To catch a thief: Oakland installs hundreds of surveillance cameras to try to thwart crime

Gov. Newsom announced Friday that Oakland will install about 480 surveillance cameras around the city and on freeways to help combat crime.

But some criminal justice reform advocates say that the move won’t make the city safer.

The cameras will enable law enforcement agencies to identify attributes on vehicles beyond just license plate numbers and enable them to find cars believed to be linked to crimes, according a news release from the governor’s office. The cameras can identify car type, color, license plate state, make, if a vehicle has a missing or covered plate and other features like bumper stickers and decals.

The system will allow real-time crime notifications when a crime-linked vehicle is spotted, alerting agencies such as the California Highway Patrol, the Oakland Police Department and others . Oakland has come under the spotlight in recent months as businesses big and small have shuttered or relocated and campaigns have been launched to oust the city’s mayor and Alameda County’s chief prosecutor. Just last month, Newsom announced the CHP was sending 120 officers to Oakland to try and mitigate a rise in theft and violent crime.

“This investment marks another step forward in our commitment to bolstering public safety and tackling organized crime and roadway violence in Oakland and across California,” Newsom said in a prepared statement..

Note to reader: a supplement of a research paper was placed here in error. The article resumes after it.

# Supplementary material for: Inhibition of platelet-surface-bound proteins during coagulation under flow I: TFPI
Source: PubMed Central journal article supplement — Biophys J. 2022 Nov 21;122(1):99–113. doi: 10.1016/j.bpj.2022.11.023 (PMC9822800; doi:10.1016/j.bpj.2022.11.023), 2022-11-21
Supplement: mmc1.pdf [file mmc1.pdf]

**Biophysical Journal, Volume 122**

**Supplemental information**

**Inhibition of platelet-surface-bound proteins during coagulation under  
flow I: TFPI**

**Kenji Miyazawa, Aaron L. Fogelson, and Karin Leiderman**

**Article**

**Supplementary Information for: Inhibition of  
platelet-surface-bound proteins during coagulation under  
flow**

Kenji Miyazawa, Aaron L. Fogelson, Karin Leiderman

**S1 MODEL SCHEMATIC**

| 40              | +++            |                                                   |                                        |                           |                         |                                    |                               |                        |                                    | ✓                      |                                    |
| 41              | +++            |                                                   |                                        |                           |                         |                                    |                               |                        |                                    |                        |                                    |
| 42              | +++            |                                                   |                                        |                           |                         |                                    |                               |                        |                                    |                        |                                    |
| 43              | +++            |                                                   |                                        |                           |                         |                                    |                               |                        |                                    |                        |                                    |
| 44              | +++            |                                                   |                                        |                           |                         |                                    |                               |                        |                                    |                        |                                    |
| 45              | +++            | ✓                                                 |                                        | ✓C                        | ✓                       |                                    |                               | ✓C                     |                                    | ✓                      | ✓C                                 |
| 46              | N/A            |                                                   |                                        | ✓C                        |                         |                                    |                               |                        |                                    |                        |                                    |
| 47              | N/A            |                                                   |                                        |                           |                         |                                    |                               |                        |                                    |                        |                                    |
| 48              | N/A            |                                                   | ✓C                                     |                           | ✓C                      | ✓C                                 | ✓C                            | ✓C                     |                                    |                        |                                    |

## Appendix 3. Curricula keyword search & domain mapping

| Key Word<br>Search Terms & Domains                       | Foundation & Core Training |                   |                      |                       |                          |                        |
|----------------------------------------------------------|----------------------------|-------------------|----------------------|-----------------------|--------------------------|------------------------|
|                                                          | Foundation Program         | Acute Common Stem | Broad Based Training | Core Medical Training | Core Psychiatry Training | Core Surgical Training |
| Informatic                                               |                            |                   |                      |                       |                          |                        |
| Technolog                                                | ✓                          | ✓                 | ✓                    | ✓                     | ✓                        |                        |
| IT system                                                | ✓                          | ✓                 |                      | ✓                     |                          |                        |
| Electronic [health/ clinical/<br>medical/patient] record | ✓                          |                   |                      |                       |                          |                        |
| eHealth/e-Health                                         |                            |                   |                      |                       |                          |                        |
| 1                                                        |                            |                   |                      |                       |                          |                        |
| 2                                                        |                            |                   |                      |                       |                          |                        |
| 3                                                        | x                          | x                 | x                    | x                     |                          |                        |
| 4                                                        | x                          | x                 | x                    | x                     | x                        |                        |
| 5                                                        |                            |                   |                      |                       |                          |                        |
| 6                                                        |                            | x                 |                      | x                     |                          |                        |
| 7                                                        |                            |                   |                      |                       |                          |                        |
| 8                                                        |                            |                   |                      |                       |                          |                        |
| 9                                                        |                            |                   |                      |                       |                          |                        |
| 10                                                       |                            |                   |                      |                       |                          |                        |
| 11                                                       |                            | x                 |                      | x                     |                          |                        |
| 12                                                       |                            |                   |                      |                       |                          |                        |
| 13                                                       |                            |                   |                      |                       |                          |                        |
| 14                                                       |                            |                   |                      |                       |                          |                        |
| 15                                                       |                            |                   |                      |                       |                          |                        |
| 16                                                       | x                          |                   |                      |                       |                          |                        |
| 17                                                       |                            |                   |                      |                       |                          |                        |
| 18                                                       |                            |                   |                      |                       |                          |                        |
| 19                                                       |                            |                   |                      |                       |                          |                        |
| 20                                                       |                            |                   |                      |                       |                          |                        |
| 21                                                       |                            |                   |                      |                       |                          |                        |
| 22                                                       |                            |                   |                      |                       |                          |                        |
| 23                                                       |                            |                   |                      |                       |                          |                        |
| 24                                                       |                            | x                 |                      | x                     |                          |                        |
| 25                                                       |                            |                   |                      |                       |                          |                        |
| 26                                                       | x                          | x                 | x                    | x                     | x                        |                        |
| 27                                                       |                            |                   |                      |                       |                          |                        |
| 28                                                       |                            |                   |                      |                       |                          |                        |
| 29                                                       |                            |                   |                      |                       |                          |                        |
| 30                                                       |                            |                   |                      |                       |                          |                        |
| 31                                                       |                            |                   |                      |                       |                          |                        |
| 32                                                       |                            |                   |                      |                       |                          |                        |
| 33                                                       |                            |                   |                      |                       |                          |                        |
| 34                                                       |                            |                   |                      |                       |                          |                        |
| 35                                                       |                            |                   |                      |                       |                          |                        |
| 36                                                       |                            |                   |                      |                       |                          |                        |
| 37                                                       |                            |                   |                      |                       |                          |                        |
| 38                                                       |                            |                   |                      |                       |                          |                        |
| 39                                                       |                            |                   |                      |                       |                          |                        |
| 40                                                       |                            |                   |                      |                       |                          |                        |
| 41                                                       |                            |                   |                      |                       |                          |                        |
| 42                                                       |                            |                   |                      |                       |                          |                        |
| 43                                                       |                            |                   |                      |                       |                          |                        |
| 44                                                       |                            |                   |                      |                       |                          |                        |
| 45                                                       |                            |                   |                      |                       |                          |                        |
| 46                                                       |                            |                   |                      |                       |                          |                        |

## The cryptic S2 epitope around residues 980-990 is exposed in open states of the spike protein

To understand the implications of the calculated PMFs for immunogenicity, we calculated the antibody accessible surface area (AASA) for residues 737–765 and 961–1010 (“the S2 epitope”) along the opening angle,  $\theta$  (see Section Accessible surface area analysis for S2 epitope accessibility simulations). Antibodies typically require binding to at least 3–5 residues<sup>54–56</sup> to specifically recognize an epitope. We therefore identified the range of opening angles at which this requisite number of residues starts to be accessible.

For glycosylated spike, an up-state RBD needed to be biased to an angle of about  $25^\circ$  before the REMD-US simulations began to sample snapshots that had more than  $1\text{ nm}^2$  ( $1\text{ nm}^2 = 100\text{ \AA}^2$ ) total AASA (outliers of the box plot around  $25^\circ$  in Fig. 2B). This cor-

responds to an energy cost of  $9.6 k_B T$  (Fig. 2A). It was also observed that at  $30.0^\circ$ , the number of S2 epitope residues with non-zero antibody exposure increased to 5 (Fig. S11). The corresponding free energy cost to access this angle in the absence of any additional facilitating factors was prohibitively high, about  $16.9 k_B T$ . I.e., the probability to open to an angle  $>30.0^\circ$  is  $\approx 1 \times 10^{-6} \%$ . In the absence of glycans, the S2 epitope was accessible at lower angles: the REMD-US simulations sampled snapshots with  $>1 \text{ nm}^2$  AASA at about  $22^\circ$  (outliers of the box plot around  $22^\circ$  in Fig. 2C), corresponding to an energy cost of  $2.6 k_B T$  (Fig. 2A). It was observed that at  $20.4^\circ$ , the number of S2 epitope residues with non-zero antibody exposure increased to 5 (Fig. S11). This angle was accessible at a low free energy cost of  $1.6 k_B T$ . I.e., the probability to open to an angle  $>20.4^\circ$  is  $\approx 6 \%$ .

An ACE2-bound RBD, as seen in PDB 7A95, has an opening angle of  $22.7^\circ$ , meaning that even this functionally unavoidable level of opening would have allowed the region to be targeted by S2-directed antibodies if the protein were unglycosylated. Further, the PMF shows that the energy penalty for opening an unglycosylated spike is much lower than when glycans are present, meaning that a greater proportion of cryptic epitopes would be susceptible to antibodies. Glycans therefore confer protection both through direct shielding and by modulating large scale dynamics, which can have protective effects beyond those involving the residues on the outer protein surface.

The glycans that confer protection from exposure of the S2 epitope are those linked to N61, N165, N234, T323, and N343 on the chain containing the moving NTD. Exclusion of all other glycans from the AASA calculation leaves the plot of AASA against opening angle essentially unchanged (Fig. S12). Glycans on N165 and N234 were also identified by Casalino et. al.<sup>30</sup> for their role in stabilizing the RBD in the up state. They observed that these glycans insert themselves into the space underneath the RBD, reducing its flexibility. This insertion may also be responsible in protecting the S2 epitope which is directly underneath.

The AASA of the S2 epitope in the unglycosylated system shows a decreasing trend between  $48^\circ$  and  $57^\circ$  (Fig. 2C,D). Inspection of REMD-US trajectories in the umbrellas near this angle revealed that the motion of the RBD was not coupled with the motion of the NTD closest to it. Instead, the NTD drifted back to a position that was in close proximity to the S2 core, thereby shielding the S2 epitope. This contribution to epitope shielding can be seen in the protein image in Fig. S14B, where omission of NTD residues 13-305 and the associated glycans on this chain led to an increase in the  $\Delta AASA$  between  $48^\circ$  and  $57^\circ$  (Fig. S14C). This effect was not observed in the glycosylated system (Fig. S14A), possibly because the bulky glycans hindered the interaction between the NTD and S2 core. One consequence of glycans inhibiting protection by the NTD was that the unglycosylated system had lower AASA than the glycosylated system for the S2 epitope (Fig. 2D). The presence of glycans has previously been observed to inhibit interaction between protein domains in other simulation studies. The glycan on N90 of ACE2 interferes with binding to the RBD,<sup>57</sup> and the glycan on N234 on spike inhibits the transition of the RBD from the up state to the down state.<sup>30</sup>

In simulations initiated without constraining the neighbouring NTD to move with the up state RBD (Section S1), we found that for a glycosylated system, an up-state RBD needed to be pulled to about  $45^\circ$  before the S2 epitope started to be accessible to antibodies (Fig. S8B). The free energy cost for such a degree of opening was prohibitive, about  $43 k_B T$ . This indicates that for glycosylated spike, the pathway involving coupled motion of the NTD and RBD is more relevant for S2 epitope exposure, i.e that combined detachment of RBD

About 290 of the cameras will be deployed on Oakland’s surface streets and 190 cameras will be on state highways in the East Bay, where Oakland is located, according to the release.

The system will retain information for 28 days and the camera footage will not be released to any entities outside California law enforcement, according to the governor’s office.

Oakland nonprofit Anti Police-Terror Project released a statement condemning the installation of the cameras.

“For every dollar we spend on surveillance cameras, that’s a dollar not spent on proven public safety strategies,” the group said in a statement. “When we decide to deploy 480 new cameras we should be asking how many people could be housed with the money we spend on this, how many people could be trained to do living wage jobs.”

The organization also argued that the cameras will most likely be deployed in low-income neighborhoods, disproportionately affecting Black and brown populations.

“The approach is adopting the same failed strategies we’ve taken for decades,” the statement said. “We’ve never stopped sending people to jails, yet crime keeps rising because it’s an approach that doesn’t work.”

Original News Source Link – LA Times

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